May 15, 2014

AP Blames ‘(Good) Weather’ For April Decline in Industrial Production

It looks like the “weather” excuse the press went to repeatedly to explain weak economic results in December, and January, and February, and March still has life in April. But this time, warm weather (which most of us would find “good,” at least in April) is to blame. An early afternoon report (relevant portion saved here in graphic form) on the Dow’s 200-point mid-day dip by the Associated Press’s Ken Sweet claims that April’s reported decline in industrial production was “possibly due to more bad weather” (while this post was prepared, the AP issued a 2:17 p.m. update which still had the “bad weather” excuse.)

That “bad weather” line is odd, because an earlier AP dispatch by Paul Wiseman exclusively about today’s production release from the Federal Reserve didn’t mention or allude to the weather at all. After the jump, I’ll walk readers through Sweet’s possible “warm weather was really bad weather (for the economy)” logic and critique Wiseman’s longer coverage.

Here’s the relevant section of the Fed’s report today:


The only leg on which the AP’s Sweet can stand is to claim that April’s warm weather (which most of us would see as “good,” not “bad”) caused a decline in utility usage and therefore less production of energy. The trouble is, as seen above, every other category except mining either suffered a decline or went nowhere. The decline in utilities production could not have had a great degree of influence on the final outcome, or it would have come in far more negative than “only” -0.6 percent.

Wiseman’s coverage of the industrial production report had several weaknesses and convenient omissions (bolds and numbered tags are mine):


U.S. factory output took a breather in April [1] after two months of strong growth, as manufacturers produced less furniture, machinery and plastics.

The Federal Reserve said Thursday that factory production fell 0.4 percent from the previous month after rising a revised 0.7 percent in March and 1.5 percent in February. Manufacturing output has risen a solid 2.9 percent over the past year. [2]

The decline appears to be a temporary setback that doesn’t have economists too worried.

We are not concerned by the drop in industrial production, because it was likely a one-time event” given healthy signals from other recent measures of manufacturing, said economists at Deutsche Bank Securities in a note to clients.

The Institute for Supply Management, a group of purchasing managers, has reported that U.S. manufacturing grew faster in April than March. Its manufacturing index rose to 54.9 last month from 53.7 in March as exports rose and factories stepped up hiring. [3] Any reading above 50 signals growth.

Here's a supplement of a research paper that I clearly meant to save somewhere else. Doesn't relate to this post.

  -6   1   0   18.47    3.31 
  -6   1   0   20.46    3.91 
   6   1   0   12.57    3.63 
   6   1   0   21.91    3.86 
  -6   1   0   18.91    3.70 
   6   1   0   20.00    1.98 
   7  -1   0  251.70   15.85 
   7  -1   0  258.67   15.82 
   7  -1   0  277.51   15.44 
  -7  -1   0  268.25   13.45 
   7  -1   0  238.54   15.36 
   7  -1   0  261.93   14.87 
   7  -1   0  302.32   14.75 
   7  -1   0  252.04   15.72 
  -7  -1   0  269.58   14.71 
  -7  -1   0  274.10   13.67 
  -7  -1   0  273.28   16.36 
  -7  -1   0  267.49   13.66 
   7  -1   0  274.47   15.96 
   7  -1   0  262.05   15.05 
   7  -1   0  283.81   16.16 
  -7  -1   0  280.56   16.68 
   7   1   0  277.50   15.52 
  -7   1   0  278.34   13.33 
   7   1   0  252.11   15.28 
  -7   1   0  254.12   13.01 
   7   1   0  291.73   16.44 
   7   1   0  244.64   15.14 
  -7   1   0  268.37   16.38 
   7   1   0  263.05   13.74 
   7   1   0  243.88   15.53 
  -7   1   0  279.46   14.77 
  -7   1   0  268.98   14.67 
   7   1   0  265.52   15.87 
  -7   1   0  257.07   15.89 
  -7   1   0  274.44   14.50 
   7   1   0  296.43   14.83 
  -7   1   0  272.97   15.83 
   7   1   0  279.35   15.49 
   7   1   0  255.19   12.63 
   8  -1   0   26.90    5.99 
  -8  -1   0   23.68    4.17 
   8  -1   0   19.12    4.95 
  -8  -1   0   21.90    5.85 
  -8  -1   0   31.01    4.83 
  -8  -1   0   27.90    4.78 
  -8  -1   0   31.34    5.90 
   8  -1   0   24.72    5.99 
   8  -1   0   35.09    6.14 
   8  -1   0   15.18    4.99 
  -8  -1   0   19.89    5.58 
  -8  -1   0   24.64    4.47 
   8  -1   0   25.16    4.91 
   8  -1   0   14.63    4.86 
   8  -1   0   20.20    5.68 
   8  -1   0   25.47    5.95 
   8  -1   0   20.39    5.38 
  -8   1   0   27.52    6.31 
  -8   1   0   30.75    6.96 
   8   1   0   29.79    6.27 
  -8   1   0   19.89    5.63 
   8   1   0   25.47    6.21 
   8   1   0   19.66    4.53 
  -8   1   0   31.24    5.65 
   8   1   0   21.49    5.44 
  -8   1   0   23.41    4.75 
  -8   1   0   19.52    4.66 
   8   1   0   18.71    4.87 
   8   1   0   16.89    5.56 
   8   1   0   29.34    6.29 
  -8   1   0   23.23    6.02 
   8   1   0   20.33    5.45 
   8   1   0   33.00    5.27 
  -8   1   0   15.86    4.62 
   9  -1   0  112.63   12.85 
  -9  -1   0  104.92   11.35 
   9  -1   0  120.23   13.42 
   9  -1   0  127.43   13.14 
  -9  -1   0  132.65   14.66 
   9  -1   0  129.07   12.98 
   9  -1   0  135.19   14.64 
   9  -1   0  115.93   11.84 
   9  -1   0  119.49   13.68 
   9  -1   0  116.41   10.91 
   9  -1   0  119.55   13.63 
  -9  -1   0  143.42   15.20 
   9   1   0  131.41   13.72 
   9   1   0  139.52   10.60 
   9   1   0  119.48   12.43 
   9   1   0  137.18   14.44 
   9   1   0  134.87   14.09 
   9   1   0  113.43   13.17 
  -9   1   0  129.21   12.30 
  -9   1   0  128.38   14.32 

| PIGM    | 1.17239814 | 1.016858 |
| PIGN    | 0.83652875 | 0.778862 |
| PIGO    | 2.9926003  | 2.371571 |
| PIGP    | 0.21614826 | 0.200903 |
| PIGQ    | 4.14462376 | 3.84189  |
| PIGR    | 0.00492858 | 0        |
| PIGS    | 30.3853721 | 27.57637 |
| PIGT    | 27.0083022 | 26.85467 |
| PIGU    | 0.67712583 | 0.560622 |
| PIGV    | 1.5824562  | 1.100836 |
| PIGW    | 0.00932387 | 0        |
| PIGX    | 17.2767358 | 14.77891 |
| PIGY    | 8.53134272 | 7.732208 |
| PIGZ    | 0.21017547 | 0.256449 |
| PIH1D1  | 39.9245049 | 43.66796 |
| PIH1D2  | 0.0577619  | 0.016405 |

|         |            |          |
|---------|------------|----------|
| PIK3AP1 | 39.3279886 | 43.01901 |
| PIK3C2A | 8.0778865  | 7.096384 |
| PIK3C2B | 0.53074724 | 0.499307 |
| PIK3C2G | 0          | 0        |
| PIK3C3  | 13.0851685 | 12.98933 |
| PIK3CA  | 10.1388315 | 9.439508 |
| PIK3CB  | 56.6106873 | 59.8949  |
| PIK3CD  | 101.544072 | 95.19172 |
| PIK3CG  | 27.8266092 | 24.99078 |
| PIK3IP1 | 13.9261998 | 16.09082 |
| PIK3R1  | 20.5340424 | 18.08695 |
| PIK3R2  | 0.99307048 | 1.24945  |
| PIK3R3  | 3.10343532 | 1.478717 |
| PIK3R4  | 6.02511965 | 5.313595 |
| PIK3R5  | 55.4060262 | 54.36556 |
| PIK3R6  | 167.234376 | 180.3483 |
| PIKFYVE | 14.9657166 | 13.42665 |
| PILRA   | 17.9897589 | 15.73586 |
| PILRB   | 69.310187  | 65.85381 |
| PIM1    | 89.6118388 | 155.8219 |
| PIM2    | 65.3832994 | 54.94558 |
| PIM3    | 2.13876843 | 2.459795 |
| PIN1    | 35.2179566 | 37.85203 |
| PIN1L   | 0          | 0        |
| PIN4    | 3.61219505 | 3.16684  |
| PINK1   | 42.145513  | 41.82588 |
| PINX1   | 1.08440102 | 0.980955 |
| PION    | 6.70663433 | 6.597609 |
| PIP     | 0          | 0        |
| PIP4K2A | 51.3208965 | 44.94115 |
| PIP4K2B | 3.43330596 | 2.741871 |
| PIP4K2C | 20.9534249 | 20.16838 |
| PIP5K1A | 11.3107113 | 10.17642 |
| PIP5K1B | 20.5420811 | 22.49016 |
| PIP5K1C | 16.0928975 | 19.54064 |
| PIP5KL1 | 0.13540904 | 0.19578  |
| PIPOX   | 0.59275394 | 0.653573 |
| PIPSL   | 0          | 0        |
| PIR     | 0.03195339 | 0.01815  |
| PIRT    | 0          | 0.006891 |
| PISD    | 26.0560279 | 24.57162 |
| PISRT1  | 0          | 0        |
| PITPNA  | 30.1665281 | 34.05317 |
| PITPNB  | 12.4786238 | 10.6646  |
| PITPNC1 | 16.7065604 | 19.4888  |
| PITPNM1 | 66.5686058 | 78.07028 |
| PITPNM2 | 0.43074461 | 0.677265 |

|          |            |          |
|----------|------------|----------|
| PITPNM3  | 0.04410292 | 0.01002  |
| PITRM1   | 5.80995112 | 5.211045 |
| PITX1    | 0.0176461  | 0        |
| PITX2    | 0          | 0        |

The Commerce Department has said orders to U.S. factories for long-lasting manufactured goods showed decent gains in February and March.

Overall industrial output, which includes manufacturing, mining and utilities, fell 0.6 percent in April, the Fed said. Output at utilities plunged 5.3 percent; households used less heat as temperatures rose.

… The economy is picking up momentum after stalling during the nasty winter. The economy expanded at an annual pace of 0.1 percent from January through March. [4] Economists expect the pace to pick up to 3 percent or faster this quarter and for the rest of the year.


[1] — Economies don’t take “breathers” — and even if they did, a decline is not a “breather.”

[2] — It’s reasonable to question why Wiseman concentrated only on factory output, which is just one component of industrial production. Is it because the number (-0.4 percent) wasn’t quite as negative as the overall result of -0.6 percent?

[3] — The ISM indices, while usually very useful, are surveys of sentiment and general direction, and are not supported by hard numbers. It is very possible for sentiment to be fairly positive and for the economy to be going nowhere. A perfect example is this year’s first quarter. The economy at best grew imperceptibly and more than likely contracted (see [4] below), yet every single ISM index number during the quarter came in above the 50.o breakeven point for expansion.

[4] — How convenient that Wiseman chose to avoid telling readers that there is now a broad consensus, as the Wall Street Journal reported on Tuesday, that the May revision to the economy’s first-quarter GDP result will go negative:

Incorporating the new data (on retail sales and business inventories), J.P. Morgan Chase on Tuesday estimated GDP contracted at a 0.8% rate in the first quarter. Macroeconomic Advisers put the contraction at 0.7%. Barclays Capital predicted a 0.6% decline. Pierpont Securities estimated output fell at a 0.4% rate. Action Economics estimated a 0.2% decline.

Readers expecting an appearance of the U-word appeared in today’s reporting on the industrial production decline won’t be disappointed. Here’s Bloomberg: “Industrial Production in the U.S. Unexpectedly Fell in April.”

Cross-posted at


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